Indonesian luthier Ivan Mulia demos 6- and 4-string instruments with meticulously hand-etched metal parts—the bass’ fretless fingerboard.

New bracing and pickups make this mid-priced take on a Gretsch classic a lively and engaging inspiration machine.

Smooth playability on par with much more expensive instruments. Airy, open pickup sounds with lots of clean-to-mean latitude.

Blue finish is pretty but thick in spots. Vintage sticklers might miss some old-school Filter’Tron bite.

$799

Gretsch 5420T
gretschguitars.com

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Though big hollowbodies like the Gretsch 6120 are beautiful and an essential ingredient in countless classic records, they can be a tricky playing experience for the uninitiated. Navigable fretboard space is limited by solidbody standards. Big bodies can feel bulky. They’re sometimes feedback prone in high-volume situations, too. Consequently, I’ve watched many solidbody-oriented chums who rarely play hollowbodies handle a big Gretsch with the baffled look of a spacefarer deciphering an alien tongue.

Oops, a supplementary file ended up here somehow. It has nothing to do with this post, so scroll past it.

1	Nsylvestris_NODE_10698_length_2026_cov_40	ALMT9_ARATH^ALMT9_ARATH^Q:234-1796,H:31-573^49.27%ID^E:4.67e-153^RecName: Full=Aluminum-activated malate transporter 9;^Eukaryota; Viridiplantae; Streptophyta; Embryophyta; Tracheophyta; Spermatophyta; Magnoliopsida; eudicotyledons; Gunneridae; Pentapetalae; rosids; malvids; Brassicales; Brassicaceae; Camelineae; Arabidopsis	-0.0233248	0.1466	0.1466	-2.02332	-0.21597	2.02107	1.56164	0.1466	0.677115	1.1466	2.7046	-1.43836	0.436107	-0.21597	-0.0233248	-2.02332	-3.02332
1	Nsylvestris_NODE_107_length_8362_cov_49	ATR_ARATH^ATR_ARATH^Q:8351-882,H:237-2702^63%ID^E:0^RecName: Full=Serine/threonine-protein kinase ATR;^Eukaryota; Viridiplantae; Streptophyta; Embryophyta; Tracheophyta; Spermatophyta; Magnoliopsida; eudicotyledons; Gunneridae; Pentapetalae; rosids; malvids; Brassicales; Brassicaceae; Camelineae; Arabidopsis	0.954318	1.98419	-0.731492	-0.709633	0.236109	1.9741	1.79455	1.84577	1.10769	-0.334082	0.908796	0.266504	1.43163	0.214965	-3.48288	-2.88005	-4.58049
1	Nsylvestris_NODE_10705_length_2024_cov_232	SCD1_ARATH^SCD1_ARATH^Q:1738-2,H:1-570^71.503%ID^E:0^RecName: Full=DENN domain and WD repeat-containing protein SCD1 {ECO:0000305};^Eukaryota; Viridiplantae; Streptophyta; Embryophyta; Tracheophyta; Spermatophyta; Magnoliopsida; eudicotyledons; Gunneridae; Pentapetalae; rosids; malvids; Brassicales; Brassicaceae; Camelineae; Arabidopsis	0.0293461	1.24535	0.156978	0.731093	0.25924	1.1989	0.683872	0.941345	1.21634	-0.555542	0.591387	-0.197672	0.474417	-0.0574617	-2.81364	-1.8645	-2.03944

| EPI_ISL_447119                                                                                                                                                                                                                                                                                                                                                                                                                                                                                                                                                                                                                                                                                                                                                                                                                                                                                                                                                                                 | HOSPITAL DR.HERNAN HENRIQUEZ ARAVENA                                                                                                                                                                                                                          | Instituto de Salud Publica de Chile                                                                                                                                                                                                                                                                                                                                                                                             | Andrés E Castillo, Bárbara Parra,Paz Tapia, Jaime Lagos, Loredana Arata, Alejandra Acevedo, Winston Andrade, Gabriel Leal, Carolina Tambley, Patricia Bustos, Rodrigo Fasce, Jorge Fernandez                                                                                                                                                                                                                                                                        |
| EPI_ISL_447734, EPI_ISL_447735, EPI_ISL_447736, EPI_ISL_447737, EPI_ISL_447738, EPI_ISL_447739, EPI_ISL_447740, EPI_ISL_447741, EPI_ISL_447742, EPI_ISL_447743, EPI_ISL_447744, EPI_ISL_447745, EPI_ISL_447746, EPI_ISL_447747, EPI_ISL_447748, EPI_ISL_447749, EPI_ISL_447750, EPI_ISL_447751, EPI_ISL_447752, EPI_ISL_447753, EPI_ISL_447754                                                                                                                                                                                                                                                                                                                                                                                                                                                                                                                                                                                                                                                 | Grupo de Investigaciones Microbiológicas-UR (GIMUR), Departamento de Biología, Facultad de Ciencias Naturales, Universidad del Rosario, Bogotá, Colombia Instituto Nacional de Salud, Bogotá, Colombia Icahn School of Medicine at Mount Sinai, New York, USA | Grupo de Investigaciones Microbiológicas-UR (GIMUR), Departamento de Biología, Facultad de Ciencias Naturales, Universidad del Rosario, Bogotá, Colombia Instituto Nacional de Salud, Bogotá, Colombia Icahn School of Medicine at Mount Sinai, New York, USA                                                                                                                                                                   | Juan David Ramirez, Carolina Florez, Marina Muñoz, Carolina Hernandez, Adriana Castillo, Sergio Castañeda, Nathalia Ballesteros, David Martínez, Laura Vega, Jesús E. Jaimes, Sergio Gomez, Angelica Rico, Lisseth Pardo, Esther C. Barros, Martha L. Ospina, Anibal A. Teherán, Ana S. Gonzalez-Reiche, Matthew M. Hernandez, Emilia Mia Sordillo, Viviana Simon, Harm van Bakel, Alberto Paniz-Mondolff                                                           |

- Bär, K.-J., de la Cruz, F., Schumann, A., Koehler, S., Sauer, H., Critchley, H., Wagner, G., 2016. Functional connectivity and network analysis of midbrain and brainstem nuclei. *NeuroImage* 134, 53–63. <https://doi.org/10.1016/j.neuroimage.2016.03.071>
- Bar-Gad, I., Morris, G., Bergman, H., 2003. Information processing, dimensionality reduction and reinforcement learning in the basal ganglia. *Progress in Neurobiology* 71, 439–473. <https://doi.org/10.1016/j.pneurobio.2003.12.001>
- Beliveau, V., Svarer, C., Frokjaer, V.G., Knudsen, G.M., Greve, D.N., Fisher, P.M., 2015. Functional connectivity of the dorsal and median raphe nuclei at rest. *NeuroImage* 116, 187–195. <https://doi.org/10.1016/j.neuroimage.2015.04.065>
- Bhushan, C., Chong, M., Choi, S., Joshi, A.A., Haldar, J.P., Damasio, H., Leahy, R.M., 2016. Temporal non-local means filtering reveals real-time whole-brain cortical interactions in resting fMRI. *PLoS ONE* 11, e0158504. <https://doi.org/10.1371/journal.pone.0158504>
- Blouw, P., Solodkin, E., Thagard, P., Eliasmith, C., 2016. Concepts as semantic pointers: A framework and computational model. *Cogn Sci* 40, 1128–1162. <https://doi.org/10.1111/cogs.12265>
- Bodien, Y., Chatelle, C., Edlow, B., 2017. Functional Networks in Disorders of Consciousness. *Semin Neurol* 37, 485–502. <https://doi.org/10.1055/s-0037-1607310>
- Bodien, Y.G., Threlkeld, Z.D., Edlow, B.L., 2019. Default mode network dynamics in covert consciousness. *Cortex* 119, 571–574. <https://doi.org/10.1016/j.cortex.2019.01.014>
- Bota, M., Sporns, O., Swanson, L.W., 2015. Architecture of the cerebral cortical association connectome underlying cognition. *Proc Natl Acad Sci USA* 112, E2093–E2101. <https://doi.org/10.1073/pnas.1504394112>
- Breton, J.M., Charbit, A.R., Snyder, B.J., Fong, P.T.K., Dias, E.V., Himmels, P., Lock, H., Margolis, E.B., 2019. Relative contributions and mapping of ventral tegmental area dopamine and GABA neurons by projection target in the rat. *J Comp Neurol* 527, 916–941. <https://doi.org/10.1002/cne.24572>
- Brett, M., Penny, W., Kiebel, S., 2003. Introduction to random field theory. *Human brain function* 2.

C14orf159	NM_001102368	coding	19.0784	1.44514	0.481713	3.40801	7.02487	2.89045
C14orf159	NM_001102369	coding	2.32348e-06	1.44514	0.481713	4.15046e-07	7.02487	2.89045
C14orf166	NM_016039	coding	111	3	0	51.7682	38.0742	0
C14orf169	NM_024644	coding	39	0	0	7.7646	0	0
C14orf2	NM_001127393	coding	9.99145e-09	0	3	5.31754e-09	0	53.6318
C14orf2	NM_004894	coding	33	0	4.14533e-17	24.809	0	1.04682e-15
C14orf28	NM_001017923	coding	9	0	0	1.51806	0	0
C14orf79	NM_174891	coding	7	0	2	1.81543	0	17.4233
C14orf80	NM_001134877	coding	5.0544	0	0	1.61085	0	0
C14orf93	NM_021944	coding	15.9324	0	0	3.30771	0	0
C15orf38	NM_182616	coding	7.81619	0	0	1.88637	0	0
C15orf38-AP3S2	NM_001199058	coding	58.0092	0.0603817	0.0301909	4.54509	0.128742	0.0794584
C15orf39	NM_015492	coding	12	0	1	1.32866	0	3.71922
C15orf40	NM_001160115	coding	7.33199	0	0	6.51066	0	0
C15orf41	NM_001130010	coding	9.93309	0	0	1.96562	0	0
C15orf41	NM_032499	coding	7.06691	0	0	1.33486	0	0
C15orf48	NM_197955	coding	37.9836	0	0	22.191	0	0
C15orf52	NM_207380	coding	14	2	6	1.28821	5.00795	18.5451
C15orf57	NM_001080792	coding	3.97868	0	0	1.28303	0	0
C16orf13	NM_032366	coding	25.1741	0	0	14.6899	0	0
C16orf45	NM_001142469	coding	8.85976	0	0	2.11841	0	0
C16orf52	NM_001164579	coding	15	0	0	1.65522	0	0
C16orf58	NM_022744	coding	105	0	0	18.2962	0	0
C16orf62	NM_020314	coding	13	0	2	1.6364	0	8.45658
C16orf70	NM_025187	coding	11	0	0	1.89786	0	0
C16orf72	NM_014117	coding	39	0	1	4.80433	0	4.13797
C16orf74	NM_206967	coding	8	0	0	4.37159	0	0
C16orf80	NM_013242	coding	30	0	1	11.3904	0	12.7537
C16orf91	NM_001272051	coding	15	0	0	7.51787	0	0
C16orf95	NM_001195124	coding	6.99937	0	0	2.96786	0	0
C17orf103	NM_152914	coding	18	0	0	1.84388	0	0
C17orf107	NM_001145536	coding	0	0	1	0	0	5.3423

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See a sampling of picks used by famous guitarists over the years.

Marty Stuart

Submit your own artist pick collections to rebecca@premierguitar.com for inclusion in a future gallery.

How does a legacy artist stay on top of his game? The pianist, hit singer-songwriter, producer, and composer talks about the importance of musical growth and positive affirmation; his love for angular melodicism; playing jazz, pop, classical, bluegrass, jam, and soundtrack music; and collaborating with his favorite guitarists, including Pat Metheny and Jerry Garcia.

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